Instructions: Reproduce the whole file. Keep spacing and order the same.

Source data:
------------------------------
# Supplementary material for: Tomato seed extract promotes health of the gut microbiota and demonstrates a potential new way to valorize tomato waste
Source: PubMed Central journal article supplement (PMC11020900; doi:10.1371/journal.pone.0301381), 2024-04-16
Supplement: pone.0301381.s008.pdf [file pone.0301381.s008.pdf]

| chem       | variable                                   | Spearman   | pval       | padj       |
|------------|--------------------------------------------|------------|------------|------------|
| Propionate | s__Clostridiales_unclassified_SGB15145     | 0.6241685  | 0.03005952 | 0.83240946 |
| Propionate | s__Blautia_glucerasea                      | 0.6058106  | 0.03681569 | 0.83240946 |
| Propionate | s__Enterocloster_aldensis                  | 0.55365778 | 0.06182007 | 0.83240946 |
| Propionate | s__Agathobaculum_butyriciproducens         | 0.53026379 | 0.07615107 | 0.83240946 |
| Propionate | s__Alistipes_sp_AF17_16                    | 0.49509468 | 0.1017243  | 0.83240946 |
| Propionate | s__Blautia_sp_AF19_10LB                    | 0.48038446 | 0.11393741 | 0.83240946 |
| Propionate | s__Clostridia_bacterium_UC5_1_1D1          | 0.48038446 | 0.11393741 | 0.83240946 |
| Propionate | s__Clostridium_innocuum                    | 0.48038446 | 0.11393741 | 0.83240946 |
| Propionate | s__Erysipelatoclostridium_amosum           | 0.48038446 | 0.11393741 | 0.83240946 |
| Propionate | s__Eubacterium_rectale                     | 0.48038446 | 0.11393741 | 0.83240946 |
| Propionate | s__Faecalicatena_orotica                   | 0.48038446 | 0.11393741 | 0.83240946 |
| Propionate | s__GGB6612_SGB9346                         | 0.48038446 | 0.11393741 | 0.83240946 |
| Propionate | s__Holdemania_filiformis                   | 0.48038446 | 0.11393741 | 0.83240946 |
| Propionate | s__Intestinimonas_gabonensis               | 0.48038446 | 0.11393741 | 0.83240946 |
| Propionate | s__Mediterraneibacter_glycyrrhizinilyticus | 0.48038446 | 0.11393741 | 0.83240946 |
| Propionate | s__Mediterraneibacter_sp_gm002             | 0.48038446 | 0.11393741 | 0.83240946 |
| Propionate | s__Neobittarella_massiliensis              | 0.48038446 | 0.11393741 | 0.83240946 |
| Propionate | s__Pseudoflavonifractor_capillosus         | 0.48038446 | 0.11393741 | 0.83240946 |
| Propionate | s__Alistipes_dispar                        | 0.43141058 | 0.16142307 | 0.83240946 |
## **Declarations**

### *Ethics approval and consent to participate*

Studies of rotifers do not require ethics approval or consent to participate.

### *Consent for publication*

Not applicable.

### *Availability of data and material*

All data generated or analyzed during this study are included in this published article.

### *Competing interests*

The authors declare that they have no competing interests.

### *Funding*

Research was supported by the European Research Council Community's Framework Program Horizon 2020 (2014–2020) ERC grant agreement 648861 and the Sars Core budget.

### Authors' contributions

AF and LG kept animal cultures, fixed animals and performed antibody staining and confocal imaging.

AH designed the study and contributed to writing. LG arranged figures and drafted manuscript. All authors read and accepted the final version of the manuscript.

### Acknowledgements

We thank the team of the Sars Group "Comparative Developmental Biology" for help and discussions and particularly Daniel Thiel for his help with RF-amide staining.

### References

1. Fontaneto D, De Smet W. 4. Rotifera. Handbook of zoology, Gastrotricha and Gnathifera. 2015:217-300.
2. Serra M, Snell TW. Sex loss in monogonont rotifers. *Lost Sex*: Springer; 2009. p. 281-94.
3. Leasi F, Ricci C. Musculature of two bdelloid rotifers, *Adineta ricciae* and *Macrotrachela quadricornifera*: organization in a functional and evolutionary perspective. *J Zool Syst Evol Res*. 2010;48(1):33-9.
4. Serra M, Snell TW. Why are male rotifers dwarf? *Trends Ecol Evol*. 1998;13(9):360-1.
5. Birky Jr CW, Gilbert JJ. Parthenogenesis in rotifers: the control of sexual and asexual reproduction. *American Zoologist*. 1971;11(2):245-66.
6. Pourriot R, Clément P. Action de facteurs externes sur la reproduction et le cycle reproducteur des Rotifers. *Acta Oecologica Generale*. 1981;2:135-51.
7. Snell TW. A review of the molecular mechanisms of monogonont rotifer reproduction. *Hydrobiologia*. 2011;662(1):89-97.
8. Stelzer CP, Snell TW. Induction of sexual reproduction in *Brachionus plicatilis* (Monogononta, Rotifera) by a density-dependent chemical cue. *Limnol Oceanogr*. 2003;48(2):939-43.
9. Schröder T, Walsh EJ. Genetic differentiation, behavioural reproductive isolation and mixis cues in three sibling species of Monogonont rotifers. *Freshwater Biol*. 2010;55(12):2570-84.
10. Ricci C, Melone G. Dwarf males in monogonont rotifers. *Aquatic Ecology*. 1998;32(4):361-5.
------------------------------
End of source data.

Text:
# Supplementary material for: Tomato seed extract promotes health of the gut microbiota and demonstrates a potential new way to valorize tomato waste
Source: PubMed Central journal article supplement (PMC11020900; doi:10.1371/journal.pone.0301381), 2024-04-16
Supplement: pone.0301381.s008.pdf [file pone.0301381.s008.pdf]

| chem       | variable                                   | Spearman   | pval       | padj       |
|------------|--------------------------------------------|------------|------------|------------|
| Propionate | s__Clostridiales_unclassified_SGB15145     | 0.6241685  | 0.03005952 | 0.83240946 |
| Propionate | s__Blautia_glucerasea                      | 0.6058106  | 0.03681569 | 0.83240946 |
| Propionate | s__Enterocloster_aldensis                  | 0.55365778 | 0.06182007 | 0.83240946 |
| Propionate | s__Agathobaculum_butyriciproducens         | 0.53026379 | 0.07615107 | 0.83240946 |
| Propionate | s__Alistipes_sp_AF17_16                    | 0.49509468 | 0.1017243  | 0.83240946 |
| Propionate | s__Blautia_sp_AF19_10LB                    | 0.48038446 | 0.11393741 | 0.83240946 |
| Propionate | s__Clostridia_bacterium_UC5_1_1D1          | 0.48038446 | 0.11393741 | 0.83240946 |
| Propionate | s__Clostridium_innocuum                    | 0.48038446 | 0.11393741 | 0.83240946 |
| Propionate | s__Erysipelatoclostridium_amosum           | 0.48038446 | 0.11393741 | 0.83240946 |
| Propionate | s__Eubacterium_rectale                     | 0.48038446 | 0.11393741 | 0.83240946 |
| Propionate | s__Faecalicatena_orotica                   | 0.48038446 | 0.11393741 | 0.83240946 |
| Propionate | s__GGB6612_SGB9346                         | 0.48038446 | 0.11393741 | 0.83240946 |
| Propionate | s__Holdemania_filiformis                   | 0.48038446 | 0.11393741 | 0.83240946 |
| Propionate | s__Intestinimonas_gabonensis               | 0.48038446 | 0.11393741 | 0.83240946 |
| Propionate | s__Mediterraneibacter_glycyrrhizinilyticus | 0.48038446 | 0.11393741 | 0.83240946 |
| Propionate | s__Mediterraneibacter_sp_gm002             | 0.48038446 | 0.11393741 | 0.83240946 |
| Propionate | s__Neobittarella_massiliensis              | 0.48038446 | 0.11393741 | 0.83240946 |
| Propionate | s__Pseudoflavonifractor_capillosus         | 0.48038446 | 0.11393741 | 0.83240946 |
| Propionate | s__Alistipes_dispar                        | 0.43141058 | 0.16142307 | 0.83240946 |
## **Declarations**

### *Ethics approval and consent to participate*

Studies of rotifers do not require ethics approval or consent to participate.

### *Consent for publication*

Not applicable.

### *Availability of data and material*

All data generated or analyzed during this study are included in this published article.

### *Competing interests*

The authors declare that they have no competing interests.

### *Funding*

Research was supported by the European Research Council Community's Framework Program Horizon 2020 (2014–2020) ERC grant agreement 648861 and the Sars Core budget.

### Authors' contributions

AF and LG kept animal cultures, fixed animals and performed antibody staining and confocal imaging.

AH designed the study and contributed to writing. LG arranged figures and drafted manuscript. All authors read and accepted the final version of the manuscript.

### Acknowledgements

We thank the team of the Sars Group "Comparative Developmental Biology" for help and discussions and particularly Daniel Thiel for his help with RF-amide staining.

### References

1. Fontaneto D, De Smet W. 4. Rotifera. Handbook of zoology, Gastrotricha and Gnathifera. 2015:217-300.
2. Serra M, Snell TW. Sex loss in monogonont rotifers. *Lost Sex*: Springer; 2009. p. 281-94.
3. Leasi F, Ricci C. Musculature of two bdelloid rotifers, *Adineta ricciae* and *Macrotrachela quadricornifera*: organization in a functional and evolutionary perspective. *J Zool Syst Evol Res*. 2010;48(1):33-9.
4. Serra M, Snell TW. Why are male rotifers dwarf? *Trends Ecol Evol*. 1998;13(9):360-1.
5. Birky Jr CW, Gilbert JJ. Parthenogenesis in rotifers: the control of sexual and asexual reproduction. *American Zoologist*. 1971;11(2):245-66.
6. Pourriot R, Clément P. Action de facteurs externes sur la reproduction et le cycle reproducteur des Rotifers. *Acta Oecologica Generale*. 1981;2:135-51.
7. Snell TW. A review of the molecular mechanisms of monogonont rotifer reproduction. *Hydrobiologia*. 2011;662(1):89-97.
8. Stelzer CP, Snell TW. Induction of sexual reproduction in *Brachionus plicatilis* (Monogononta, Rotifera) by a density-dependent chemical cue. *Limnol Oceanogr*. 2003;48(2):939-43.
9. Schröder T, Walsh EJ. Genetic differentiation, behavioural reproductive isolation and mixis cues in three sibling species of Monogonont rotifers. *Freshwater Biol*. 2010;55(12):2570-84.
10. Ricci C, Melone G. Dwarf males in monogonont rotifers. *Aquatic Ecology*. 1998;32(4):361-5.